The leaders of Germany, France and Italy will hold a brief meeting just before next week's EU summit to coordinate positions, a high-ranking German source said on Thursday.
The meeting between Chancellor Angela Merkel, President Nicolas Sarkozy and Prime Minister Mario Monti would last around 30 minutes and focus on the main topics of the summit – boosting jobs and growth in Europe – the source said.
The source, who spoke on condition of anonymity, said that the hot-button topics of Greece's problems and the funding of the EU's future rescue fund, the European Stability Mechanism (ESM), were unlikely to feature.
"The topics will be the topics that are being discussed at the summit," said the source, noting that neither Greece nor the ESM were mentioned in the letter of invitation to leaders sent by EU President Herman Van Rompuy.
He said it was unlikely that a crunch report on Greece by its international creditors would be available before the summit takes place in Brussels on Monday.
"My expectation today is that it will not be far enough along that the heads of states and government will be able to talk about it," said the source.
As for the funding of the ESM, he noted that finance ministers had already concluded talks on a treaty concerning the bailout pot and that the focus was now on getting the mechanism functioning.
He noted there was an ongoing discussion over whether the 80 billion euros ($105 billion) should be paid in quicker than the currently-planned five tranches and reiterated that Germany's position was "more flexible than most."
However, this too was unlikely to loom large at the summit, he said.
Instead leaders would focus on discussing economic reforms to boost Europe's long-term growth potential, he said, with particular emphasis on youth unemployment.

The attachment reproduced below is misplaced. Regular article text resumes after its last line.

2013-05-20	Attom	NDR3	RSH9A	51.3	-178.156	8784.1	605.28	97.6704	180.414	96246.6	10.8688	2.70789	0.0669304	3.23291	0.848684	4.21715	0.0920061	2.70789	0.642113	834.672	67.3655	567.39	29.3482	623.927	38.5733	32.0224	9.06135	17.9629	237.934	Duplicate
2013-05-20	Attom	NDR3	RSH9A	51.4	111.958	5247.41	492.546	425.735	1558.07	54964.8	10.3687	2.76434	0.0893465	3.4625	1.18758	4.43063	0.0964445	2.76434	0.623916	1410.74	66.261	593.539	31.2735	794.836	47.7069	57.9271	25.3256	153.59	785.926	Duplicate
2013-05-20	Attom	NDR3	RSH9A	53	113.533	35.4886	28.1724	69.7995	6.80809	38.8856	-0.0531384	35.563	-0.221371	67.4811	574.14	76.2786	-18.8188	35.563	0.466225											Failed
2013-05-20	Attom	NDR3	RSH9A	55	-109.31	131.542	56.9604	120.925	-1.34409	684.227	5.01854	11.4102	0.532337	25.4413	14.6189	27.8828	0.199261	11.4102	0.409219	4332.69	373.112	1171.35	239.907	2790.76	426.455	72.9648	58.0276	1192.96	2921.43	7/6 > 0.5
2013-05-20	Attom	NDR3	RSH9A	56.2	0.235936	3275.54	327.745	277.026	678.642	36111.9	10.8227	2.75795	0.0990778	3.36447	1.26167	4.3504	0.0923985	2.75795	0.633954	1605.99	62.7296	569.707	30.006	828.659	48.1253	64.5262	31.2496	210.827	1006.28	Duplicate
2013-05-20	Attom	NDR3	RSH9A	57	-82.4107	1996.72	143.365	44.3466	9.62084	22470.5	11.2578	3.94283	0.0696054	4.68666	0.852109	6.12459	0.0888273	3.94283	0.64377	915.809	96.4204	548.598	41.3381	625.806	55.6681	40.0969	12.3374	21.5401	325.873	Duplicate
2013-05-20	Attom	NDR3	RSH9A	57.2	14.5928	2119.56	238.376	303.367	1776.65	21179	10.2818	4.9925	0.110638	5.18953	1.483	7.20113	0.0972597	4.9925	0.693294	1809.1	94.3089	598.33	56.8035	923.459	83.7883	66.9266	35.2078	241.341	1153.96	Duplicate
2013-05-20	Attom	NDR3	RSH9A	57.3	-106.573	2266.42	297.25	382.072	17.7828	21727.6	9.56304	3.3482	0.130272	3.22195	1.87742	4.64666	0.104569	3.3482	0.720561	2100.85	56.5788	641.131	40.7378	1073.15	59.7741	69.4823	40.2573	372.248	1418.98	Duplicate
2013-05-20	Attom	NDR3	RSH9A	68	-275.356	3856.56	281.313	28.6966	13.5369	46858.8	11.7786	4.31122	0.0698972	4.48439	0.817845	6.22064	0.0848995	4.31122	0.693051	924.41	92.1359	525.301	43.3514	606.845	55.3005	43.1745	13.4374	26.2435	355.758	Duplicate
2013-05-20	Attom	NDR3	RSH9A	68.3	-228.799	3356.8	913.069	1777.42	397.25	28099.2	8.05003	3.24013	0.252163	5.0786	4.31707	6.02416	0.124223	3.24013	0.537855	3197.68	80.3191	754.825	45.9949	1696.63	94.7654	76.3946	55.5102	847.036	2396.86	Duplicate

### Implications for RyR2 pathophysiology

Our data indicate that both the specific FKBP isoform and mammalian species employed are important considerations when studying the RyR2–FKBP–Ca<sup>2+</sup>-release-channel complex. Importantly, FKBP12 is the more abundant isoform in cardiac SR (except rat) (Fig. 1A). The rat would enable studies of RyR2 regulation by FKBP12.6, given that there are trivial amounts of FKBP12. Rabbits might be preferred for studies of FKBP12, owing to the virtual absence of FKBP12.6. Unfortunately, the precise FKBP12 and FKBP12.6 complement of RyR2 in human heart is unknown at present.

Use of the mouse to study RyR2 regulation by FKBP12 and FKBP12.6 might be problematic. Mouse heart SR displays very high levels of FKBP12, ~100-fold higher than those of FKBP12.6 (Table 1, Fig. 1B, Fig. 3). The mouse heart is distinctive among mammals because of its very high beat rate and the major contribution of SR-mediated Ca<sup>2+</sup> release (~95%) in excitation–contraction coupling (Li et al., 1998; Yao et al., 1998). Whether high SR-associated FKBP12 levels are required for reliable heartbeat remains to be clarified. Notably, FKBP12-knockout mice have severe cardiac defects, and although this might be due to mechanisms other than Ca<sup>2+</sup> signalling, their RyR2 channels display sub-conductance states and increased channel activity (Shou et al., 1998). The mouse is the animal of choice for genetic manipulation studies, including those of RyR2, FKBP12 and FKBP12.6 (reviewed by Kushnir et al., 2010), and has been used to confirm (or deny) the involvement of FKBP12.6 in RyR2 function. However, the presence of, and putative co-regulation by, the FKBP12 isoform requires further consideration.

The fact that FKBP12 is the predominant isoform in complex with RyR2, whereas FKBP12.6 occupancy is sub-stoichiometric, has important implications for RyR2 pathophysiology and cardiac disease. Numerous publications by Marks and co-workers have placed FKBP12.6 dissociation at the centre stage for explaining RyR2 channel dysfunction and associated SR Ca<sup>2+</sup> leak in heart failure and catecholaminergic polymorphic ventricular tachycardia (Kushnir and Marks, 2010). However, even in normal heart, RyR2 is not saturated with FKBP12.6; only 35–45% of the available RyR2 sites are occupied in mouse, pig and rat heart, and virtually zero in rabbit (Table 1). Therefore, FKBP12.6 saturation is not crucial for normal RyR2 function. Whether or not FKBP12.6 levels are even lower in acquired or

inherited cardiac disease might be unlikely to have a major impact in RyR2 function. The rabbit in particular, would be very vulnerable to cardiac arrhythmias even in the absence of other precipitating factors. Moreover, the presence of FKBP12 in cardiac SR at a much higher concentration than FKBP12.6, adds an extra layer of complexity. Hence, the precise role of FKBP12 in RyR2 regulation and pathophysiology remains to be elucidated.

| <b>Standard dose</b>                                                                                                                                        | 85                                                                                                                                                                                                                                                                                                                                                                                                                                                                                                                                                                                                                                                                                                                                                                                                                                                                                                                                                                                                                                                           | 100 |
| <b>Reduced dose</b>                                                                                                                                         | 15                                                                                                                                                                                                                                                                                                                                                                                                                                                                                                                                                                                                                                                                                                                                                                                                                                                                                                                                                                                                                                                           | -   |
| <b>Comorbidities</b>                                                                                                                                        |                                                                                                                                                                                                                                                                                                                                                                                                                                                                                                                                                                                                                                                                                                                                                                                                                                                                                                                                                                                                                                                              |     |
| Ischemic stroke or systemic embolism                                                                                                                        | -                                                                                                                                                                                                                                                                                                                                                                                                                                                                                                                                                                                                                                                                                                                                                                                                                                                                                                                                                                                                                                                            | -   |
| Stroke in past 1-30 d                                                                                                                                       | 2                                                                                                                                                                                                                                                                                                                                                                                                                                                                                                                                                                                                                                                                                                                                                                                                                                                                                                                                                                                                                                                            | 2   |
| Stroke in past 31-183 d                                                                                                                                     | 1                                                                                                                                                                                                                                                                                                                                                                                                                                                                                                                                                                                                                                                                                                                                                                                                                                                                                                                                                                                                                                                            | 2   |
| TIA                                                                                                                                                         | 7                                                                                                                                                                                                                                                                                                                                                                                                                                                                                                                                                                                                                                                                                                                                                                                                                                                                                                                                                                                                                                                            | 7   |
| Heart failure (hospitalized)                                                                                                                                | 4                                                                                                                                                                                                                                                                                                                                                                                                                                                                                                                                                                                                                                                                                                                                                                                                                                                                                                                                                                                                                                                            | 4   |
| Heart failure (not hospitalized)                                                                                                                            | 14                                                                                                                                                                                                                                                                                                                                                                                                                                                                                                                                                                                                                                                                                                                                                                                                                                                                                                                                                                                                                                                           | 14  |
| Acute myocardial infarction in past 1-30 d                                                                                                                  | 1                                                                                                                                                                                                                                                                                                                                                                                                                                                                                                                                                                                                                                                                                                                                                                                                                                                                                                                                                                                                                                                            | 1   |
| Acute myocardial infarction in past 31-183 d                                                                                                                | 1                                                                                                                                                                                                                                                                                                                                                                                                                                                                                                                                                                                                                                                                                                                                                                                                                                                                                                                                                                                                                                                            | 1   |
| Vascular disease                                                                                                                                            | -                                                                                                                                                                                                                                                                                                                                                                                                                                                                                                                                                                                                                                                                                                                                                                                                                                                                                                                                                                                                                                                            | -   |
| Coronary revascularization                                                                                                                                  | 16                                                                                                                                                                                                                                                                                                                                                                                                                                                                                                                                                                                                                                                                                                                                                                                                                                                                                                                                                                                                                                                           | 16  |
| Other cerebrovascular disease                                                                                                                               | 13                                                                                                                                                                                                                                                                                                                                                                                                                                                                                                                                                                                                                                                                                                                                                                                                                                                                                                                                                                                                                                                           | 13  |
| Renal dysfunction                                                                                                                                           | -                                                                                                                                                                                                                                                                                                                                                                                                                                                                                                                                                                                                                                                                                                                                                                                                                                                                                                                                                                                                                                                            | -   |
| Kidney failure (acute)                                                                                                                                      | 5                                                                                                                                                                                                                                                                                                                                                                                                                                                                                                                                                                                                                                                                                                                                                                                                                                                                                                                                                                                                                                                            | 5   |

"We need sustainable growth in Europe and so there is no alternative to structural reforms," said the source.
In a similar context, Britain's Prime Minister David Cameron launched a stinging attack on his European partners Thursday, slamming the eurozone as uncompetitive and branding a planned transaction tax "madness."
The British premier took the stage on the second day of the World Economic Forum in Davos, the annual get-together for the global business elite, and revived his simmering feud with the ailing single-currency bloc.
In a speech destined to delight his own eurosceptic party back home, Cameron scornfully dismissed French-led plans to introduce a tax on all financial trades.
"Even to be considering this at a time when we are struggling to get our economies growing is quite simply madness," he declared.
"Of course it's right that the financial sector should pay their share. In the UK we are doing exactly that through our bank levies and stamp duty on shares. And these are options which other countries can adopt."
"But look at the European Commission's own original analysis," he added.
"That showed a Financial Transactions Tax could reduce the GDP of the EU by 200 billion euros, cost nearly 500,000 jobs and force as much as 90 per cent of some markets away from the EU."
He echoed a call made on the same stage Wednesday by Merkel for more measures to boost growth but went further, calling for a root-and-branch reform of how the eurozone is managed.
"Now, I'm not one of those people who think that single currencies can never work," he insisted. "But there a number of features common to all successful currency unions."
Cameron said a shared currency must be backed with a central bank ready to act as a lender of last resort, deep economic integration between member states and a system of fiscal transfers to offset imbalances.
"Currently, it's not that the eurozone doesn't have all of these – it's that it doesn't really have any of these," he declared.
In December, Sarkozy reportedly snapped that – as Britain is not part of the single currency –Cameron should shut up about its affairs.
Instead, the British leader listed the measures he would take if he were seeking to tackle the debt crisis – quickly oversee a Greek debt writedown, recapitalise banks and set up a financial firewall to protect states.
"That's what would make the clear difference in sentiment and outlook," he said, in a clear rebuke to Merkel's cautious strategy of incremental reform and her ruling out of pooling eurozone sovereign debt.
While the opening day of debates in Davos focused largely on the crisis of Western capitalism, many of Thursday's sessions took a closer look at the challenges facing individual regions.